The first Apple PowerBook laptops were delivered in 3 versions in 1991: PowerBook 100, 140, and 170. These initial PowerBooks were overall a tremendous commercial success for Apple, and are regarded historically as setting the precedent for the form factor that most laptops would follow - notably the overall size and placement of keyboard and pointing device. So it was a significant innovation for the industry at the time.
According to Wikipedia and other sources, Sony was responsible for the design of the PowerBook 100, but (I think) that means the design of the internal electronics; as opposed to the industrial design of the product. If this is to be believed, it seems odd. If Apple had already designed the 140 and 170, and managed to equip them with more features and a 32-bit processor (68030), why would Apple need Sony to "miniaturize" the 16-bit PowerBook 100 just to fit in the same form factor? Apple already fit a 68030 system, so the PB 100's 16-bit 68000 should not have presented any technical challenge at all.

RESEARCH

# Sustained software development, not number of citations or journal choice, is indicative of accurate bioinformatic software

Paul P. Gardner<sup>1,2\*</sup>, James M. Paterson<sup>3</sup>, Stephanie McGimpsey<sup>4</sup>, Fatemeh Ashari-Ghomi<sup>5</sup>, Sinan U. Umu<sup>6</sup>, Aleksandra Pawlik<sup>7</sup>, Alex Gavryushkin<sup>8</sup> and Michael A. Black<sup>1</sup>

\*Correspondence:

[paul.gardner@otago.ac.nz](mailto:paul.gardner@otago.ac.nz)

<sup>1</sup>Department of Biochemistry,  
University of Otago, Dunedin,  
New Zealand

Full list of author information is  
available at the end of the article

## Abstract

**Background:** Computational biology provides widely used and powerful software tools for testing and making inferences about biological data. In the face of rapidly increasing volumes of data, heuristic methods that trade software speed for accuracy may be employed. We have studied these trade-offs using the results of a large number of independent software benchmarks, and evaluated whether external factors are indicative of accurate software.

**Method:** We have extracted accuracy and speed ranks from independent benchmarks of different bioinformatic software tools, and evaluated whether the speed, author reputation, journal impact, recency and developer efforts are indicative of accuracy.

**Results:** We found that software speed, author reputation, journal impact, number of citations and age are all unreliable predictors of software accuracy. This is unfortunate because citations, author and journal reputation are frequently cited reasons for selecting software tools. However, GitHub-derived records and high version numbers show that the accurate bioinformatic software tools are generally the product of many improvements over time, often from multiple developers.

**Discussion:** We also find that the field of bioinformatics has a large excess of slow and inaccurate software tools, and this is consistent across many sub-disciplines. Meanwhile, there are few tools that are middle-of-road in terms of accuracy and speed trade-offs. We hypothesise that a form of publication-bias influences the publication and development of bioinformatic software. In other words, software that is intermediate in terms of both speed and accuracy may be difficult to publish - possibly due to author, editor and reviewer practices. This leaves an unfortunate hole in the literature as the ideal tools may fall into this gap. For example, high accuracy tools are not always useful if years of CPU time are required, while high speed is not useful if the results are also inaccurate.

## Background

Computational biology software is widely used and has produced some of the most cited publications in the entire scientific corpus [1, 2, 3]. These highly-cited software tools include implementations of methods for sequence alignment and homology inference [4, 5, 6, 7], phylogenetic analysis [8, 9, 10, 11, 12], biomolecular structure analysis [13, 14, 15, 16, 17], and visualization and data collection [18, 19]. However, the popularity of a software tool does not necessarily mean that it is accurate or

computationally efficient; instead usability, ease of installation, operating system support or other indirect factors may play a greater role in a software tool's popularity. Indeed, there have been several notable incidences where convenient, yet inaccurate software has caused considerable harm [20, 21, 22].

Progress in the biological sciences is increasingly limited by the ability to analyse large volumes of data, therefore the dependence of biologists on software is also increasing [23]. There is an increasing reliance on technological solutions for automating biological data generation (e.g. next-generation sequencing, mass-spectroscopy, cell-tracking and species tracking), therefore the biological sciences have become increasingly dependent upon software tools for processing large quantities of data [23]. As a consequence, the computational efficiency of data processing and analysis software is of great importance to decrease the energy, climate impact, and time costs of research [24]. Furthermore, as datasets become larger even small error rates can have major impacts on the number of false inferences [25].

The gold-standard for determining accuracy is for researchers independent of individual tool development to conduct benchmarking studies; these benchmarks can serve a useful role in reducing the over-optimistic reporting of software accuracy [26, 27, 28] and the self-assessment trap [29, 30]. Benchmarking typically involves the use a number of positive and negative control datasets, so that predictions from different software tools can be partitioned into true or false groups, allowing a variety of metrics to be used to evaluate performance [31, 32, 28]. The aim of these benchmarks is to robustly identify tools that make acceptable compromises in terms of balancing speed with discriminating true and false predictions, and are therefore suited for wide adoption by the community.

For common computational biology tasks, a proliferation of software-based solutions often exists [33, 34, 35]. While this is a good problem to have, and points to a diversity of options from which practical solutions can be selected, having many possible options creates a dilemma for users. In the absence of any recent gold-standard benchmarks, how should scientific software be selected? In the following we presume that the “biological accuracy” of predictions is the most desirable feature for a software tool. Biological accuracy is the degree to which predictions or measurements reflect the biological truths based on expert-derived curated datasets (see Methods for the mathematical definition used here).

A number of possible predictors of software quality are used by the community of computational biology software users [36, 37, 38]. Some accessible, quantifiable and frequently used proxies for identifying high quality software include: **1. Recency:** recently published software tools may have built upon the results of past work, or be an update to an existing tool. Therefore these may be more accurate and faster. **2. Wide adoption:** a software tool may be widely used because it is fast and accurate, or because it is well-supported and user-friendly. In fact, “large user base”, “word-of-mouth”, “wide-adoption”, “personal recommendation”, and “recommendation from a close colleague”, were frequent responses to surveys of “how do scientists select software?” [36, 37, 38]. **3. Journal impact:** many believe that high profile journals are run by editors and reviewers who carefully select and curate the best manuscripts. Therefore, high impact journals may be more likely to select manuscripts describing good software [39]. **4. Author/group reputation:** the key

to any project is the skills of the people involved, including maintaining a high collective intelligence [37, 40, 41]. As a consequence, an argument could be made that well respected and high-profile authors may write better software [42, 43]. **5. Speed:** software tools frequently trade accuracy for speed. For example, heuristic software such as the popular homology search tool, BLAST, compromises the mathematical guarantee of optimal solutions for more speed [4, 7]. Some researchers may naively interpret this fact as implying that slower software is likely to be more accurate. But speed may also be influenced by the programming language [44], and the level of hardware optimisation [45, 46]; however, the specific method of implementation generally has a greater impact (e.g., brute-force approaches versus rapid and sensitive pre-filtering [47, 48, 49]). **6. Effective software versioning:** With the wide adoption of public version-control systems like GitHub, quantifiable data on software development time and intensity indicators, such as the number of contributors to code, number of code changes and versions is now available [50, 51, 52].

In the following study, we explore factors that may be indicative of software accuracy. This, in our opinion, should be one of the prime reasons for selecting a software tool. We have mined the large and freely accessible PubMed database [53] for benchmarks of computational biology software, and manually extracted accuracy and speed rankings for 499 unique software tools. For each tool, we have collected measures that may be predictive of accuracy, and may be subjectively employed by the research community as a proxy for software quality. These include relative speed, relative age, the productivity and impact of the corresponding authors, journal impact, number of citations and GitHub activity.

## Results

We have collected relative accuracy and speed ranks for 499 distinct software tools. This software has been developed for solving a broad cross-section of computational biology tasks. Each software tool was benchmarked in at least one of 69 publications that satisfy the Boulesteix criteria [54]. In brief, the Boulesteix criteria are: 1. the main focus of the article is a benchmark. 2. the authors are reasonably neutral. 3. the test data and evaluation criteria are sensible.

I think the following (unfortunately, low-res) photos of the PB 100 and PB 170 motherboard proves a common development. The basic approach of a main board combined with a CPU+memory board and an additional memory board is shared. I can't tell from these images if any of the chips on the mainboard are shared, but they look remarkably similar. Perhaps the main board and the ASICs were pretty much the same between all three laptops, and the result of Sony's work for Apple? Though that is hard to prove without some better photos.
My question basically comes down to whether the historical account is correct? And, if it is correct, what was the "miniaturization" effort done by Sony and why would it only affect the PB 100 and not be reused for the 140/170?